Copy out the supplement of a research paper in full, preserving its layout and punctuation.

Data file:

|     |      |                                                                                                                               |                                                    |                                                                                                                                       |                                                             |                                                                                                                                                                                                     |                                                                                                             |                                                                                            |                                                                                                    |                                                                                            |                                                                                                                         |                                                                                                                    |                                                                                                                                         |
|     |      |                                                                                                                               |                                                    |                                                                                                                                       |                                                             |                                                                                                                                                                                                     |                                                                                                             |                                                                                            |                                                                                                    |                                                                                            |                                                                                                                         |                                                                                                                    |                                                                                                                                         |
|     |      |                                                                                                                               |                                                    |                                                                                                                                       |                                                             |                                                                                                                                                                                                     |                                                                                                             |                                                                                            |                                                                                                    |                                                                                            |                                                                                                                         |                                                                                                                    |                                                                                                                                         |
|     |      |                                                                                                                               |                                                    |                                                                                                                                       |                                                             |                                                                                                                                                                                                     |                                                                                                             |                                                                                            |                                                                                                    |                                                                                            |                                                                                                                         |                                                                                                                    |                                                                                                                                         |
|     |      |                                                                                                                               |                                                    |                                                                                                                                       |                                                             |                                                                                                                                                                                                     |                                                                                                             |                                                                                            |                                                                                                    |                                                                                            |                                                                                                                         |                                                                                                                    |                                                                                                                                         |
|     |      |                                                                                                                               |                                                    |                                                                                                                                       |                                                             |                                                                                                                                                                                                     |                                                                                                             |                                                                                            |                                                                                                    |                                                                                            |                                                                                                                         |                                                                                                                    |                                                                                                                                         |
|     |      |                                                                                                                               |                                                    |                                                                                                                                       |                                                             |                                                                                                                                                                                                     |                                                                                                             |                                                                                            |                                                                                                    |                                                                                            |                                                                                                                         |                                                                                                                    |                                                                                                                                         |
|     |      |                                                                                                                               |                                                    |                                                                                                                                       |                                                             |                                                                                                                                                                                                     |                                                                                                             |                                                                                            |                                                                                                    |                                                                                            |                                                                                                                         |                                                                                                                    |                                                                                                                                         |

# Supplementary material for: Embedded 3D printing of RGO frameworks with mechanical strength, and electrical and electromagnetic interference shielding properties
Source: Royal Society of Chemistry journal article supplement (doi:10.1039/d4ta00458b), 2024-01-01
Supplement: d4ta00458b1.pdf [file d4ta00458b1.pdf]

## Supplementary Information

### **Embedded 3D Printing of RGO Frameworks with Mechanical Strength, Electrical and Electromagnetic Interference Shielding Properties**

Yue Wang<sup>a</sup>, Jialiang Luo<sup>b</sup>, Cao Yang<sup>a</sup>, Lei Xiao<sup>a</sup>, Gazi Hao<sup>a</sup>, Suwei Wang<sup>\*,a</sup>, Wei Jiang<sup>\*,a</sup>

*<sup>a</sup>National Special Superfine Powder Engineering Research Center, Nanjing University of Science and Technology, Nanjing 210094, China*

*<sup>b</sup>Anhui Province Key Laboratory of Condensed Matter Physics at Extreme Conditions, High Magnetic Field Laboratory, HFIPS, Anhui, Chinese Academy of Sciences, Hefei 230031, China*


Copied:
|     |      |                                                                                                                               |                                                    |                                                                                                                                       |                                                             |                                                                                                                                                                                                     |                                                                                                             |                                                                                            |                                                                                                    |                                                                                            |                                                                                                                         |                                                                                                                    |                                                                                                                                         |
|     |      |                                                                                                                               |                                                    |                                                                                                                                       |                                                             |                                                                                                                                                                                                     |                                                                                                             |                                                                                            |                                                                                                    |                                                                                            |                                                                                                                         |                                                                                                                    |                                                                                                                                         |
|     |      |                                                                                                                               |                                                    |                                                                                                                                       |                                                             |                                                                                                                                                                                                     |                                                                                                             |                                                                                            |                                                                                                    |                                                                                            |                                                                                                                         |                                                                                                                    |                                                                                                                                         |
|     |      |                                                                                                                               |                                                    |                                                                                                                                       |                                                             |                                                                                                                                                                                                     |                                                                                                             |                                                                                            |                                                                                                    |                                                                                            |                                                                                                                         |                                                                                                                    |                                                                                                                                         |
|     |      |                                                                                                                               |                                                    |                                                                                                                                       |                                                             |                                                                                                                                                                                                     |                                                                                                             |                                                                                            |                                                                                                    |                                                                                            |                                                                                                                         |                                                                                                                    |                                                                                                                                         |
|     |      |                                                                                                                               |                                                    |                                                                                                                                       |                                                             |                                                                                                                                                                                                     |                                                                                                             |                                                                                            |                                                                                                    |                                                                                            |                                                                                                                         |                                                                                                                    |                                                                                                                                         |
|     |      |                                                                                                                               |                                                    |                                                                                                                                       |                                                             |                                                                                                                                                                                                     |                                                                                                             |                                                                                            |                                                                                                    |                                                                                            |                                                                                                                         |                                                                                                                    |                                                                                                                                         |
|     |      |                                                                                                                               |                                                    |                                                                                                                                       |                                                             |                                                                                                                                                                                                     |                                                                                                             |                                                                                            |                                                                                                    |                                                                                            |                                                                                                                         |                                                                                                                    |                                                                                                                                         |

# Supplementary material for: Embedded 3D printing of RGO frameworks with mechanical strength, and electrical and electromagnetic interference shielding properties
Source: Royal Society of Chemistry journal article supplement (doi:10.1039/d4ta00458b), 2024-01-01
Supplement: d4ta00458b1.pdf [file d4ta00458b1.pdf]

## Supplementary Information

### **Embedded 3D Printing of RGO Frameworks with Mechanical Strength, Electrical and Electromagnetic Interference Shielding Properties**

Yue Wang<sup>a</sup>, Jialiang Luo<sup>b</sup>, Cao Yang<sup>a</sup>, Lei Xiao<sup>a</sup>, Gazi Hao<sup>a</sup>, Suwei Wang<sup>\*,a</sup>, Wei Jiang<sup>\*,a</sup>

*<sup>a</sup>National Special Superfine Powder Engineering Research Center, Nanjing University of Science and Technology, Nanjing 210094, China*

*<sup>b</sup>Anhui Province Key Laboratory of Condensed Matter Physics at Extreme Conditions, High Magnetic Field Laboratory, HFIPS, Anhui, Chinese Academy of Sciences, Hefei 230031, China*